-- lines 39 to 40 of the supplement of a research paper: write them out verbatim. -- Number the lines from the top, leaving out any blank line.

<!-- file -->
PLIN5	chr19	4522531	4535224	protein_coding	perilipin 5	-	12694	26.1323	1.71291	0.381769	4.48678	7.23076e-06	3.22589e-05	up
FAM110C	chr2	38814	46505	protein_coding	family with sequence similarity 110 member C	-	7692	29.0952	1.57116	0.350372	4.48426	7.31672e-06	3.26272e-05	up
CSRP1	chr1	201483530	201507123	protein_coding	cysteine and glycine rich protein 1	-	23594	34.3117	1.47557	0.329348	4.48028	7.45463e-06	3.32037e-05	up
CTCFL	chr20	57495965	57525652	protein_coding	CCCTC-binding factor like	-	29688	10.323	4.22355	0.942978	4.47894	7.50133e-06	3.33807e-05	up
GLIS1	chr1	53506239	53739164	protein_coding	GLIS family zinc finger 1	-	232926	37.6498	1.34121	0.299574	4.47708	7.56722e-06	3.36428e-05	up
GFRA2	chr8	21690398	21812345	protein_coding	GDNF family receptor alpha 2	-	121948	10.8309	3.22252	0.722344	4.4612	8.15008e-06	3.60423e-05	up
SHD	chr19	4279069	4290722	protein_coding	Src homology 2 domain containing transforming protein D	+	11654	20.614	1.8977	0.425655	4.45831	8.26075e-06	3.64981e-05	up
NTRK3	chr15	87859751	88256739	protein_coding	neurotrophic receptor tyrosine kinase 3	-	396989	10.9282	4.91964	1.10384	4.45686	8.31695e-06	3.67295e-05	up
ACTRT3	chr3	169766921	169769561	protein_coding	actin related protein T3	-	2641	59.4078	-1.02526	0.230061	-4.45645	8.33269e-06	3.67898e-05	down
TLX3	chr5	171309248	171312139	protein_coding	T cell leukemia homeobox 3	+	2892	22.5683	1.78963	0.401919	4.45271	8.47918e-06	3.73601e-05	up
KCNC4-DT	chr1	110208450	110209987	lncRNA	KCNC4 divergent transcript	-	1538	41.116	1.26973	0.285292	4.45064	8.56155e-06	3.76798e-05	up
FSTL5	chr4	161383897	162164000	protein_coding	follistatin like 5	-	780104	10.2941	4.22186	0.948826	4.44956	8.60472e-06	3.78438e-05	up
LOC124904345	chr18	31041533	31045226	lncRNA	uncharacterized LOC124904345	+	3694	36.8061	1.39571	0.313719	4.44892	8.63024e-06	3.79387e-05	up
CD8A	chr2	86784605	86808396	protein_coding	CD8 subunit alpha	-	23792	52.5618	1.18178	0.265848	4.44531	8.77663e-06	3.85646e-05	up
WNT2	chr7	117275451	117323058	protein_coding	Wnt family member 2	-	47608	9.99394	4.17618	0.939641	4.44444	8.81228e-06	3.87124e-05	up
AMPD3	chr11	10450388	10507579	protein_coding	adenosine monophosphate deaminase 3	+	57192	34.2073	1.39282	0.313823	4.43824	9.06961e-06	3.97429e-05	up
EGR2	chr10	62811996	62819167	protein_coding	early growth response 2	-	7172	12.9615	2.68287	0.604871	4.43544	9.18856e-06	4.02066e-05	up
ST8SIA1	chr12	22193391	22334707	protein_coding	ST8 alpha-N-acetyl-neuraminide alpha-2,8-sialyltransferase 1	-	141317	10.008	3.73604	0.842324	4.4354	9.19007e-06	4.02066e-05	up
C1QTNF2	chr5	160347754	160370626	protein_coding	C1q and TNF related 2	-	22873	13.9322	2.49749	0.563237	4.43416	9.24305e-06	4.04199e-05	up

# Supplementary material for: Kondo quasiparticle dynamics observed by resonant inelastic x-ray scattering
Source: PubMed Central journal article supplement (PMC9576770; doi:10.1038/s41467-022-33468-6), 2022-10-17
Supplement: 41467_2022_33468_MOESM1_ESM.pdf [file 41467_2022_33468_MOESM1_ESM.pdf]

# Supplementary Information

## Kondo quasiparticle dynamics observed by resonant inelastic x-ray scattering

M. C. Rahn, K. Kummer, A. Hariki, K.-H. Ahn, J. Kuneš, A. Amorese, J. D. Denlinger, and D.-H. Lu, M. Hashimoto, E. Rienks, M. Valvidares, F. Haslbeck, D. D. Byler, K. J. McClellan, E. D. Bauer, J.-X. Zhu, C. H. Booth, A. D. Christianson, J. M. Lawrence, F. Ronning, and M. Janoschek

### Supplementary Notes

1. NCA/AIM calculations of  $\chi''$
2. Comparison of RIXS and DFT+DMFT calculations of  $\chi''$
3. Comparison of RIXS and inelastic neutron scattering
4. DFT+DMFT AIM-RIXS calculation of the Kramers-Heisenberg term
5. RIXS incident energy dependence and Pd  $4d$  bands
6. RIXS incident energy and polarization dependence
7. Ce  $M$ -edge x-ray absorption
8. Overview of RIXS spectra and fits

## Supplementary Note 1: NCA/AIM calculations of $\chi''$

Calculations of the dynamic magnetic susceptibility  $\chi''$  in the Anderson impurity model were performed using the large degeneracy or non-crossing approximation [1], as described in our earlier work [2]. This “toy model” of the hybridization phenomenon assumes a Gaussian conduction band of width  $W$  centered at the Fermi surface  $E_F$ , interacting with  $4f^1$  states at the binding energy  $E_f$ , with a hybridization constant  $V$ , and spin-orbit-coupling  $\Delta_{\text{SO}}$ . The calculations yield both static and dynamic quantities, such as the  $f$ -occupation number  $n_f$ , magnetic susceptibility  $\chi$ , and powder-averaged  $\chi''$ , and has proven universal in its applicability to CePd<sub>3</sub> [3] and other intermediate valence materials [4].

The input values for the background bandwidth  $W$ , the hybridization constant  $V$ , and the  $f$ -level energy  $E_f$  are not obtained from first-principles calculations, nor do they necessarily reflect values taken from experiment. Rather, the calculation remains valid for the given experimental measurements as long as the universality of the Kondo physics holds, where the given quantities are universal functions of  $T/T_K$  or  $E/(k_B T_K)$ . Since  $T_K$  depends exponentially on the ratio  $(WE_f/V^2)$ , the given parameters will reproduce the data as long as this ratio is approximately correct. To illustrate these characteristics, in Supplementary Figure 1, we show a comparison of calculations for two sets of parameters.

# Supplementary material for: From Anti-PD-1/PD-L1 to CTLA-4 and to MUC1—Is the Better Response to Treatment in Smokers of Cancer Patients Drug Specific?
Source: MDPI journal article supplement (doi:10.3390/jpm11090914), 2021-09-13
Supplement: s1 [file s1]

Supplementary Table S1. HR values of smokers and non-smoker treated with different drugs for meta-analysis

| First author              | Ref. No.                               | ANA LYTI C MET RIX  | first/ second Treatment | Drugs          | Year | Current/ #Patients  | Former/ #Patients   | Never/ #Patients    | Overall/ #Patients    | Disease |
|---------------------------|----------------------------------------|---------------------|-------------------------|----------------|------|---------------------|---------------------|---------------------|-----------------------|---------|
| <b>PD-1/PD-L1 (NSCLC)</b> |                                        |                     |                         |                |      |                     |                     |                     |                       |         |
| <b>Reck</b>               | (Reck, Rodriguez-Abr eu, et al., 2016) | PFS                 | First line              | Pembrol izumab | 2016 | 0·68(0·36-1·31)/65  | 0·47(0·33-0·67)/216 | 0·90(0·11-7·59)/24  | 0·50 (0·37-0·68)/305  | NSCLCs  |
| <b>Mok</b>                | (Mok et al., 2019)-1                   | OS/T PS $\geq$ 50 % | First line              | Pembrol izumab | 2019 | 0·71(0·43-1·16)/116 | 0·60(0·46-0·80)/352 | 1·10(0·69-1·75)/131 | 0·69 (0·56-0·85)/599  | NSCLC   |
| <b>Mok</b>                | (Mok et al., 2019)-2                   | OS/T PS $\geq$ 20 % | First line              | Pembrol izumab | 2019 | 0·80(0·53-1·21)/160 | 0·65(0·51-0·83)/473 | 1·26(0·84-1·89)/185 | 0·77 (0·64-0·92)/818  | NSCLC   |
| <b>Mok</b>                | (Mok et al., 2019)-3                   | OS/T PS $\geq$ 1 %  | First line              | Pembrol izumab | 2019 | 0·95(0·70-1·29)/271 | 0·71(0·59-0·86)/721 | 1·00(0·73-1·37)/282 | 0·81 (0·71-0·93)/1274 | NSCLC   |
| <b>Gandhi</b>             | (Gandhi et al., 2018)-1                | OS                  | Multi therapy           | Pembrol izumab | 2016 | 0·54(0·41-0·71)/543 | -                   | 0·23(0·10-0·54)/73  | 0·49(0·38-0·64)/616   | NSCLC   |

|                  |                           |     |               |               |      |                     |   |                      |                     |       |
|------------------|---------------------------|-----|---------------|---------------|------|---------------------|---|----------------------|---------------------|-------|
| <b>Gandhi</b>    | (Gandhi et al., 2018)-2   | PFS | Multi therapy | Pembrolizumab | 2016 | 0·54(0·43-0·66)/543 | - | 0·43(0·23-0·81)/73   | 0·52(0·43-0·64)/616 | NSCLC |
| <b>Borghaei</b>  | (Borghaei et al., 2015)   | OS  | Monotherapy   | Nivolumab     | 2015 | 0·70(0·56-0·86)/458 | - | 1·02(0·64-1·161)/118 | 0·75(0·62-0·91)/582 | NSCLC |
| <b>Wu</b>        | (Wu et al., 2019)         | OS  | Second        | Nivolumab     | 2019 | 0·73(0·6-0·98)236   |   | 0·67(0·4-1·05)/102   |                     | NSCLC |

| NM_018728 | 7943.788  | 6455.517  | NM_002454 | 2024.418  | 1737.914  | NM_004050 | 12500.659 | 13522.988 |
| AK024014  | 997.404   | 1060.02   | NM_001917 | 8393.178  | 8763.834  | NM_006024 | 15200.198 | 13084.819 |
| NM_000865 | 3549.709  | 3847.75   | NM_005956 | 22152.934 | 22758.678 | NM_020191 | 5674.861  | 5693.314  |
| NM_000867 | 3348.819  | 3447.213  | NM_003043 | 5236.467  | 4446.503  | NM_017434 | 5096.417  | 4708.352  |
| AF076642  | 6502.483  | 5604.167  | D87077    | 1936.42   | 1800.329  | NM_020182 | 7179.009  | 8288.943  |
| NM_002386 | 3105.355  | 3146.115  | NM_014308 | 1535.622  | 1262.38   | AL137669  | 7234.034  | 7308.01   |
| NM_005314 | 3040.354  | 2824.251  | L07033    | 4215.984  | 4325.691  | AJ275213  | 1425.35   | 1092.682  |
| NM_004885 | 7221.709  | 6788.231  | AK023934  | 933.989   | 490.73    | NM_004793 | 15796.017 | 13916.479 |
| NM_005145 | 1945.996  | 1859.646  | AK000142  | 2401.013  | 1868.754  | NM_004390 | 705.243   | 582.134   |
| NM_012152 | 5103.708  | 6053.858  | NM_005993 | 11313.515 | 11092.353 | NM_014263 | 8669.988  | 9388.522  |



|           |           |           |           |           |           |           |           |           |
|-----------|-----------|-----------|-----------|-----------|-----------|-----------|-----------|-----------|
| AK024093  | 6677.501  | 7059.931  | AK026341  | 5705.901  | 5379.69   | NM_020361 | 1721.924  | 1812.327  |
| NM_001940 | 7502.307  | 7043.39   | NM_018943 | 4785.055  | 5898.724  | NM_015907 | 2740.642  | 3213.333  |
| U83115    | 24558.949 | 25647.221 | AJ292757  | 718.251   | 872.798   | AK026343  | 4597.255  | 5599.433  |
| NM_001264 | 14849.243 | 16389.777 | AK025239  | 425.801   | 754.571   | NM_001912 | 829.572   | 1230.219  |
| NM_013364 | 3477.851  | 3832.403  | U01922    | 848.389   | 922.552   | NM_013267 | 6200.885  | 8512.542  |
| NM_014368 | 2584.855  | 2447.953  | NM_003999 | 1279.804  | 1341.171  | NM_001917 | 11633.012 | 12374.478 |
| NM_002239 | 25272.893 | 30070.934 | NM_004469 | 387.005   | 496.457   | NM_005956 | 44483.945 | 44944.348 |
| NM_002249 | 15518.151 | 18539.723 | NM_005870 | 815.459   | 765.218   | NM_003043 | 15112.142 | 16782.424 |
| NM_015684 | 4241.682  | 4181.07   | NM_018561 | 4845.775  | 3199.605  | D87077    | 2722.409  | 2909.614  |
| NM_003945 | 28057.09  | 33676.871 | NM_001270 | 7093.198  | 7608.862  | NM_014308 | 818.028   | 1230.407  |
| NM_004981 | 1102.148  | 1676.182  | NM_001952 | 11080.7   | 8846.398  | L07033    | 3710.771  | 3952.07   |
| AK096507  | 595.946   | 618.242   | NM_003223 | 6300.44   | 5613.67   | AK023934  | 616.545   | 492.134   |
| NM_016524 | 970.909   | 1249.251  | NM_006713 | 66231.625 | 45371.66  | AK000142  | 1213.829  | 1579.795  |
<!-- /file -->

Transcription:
Source: MDPI journal article supplement (doi:10.3390/jpm11090914), 2021-09-13
Supplement: s1 [file s1]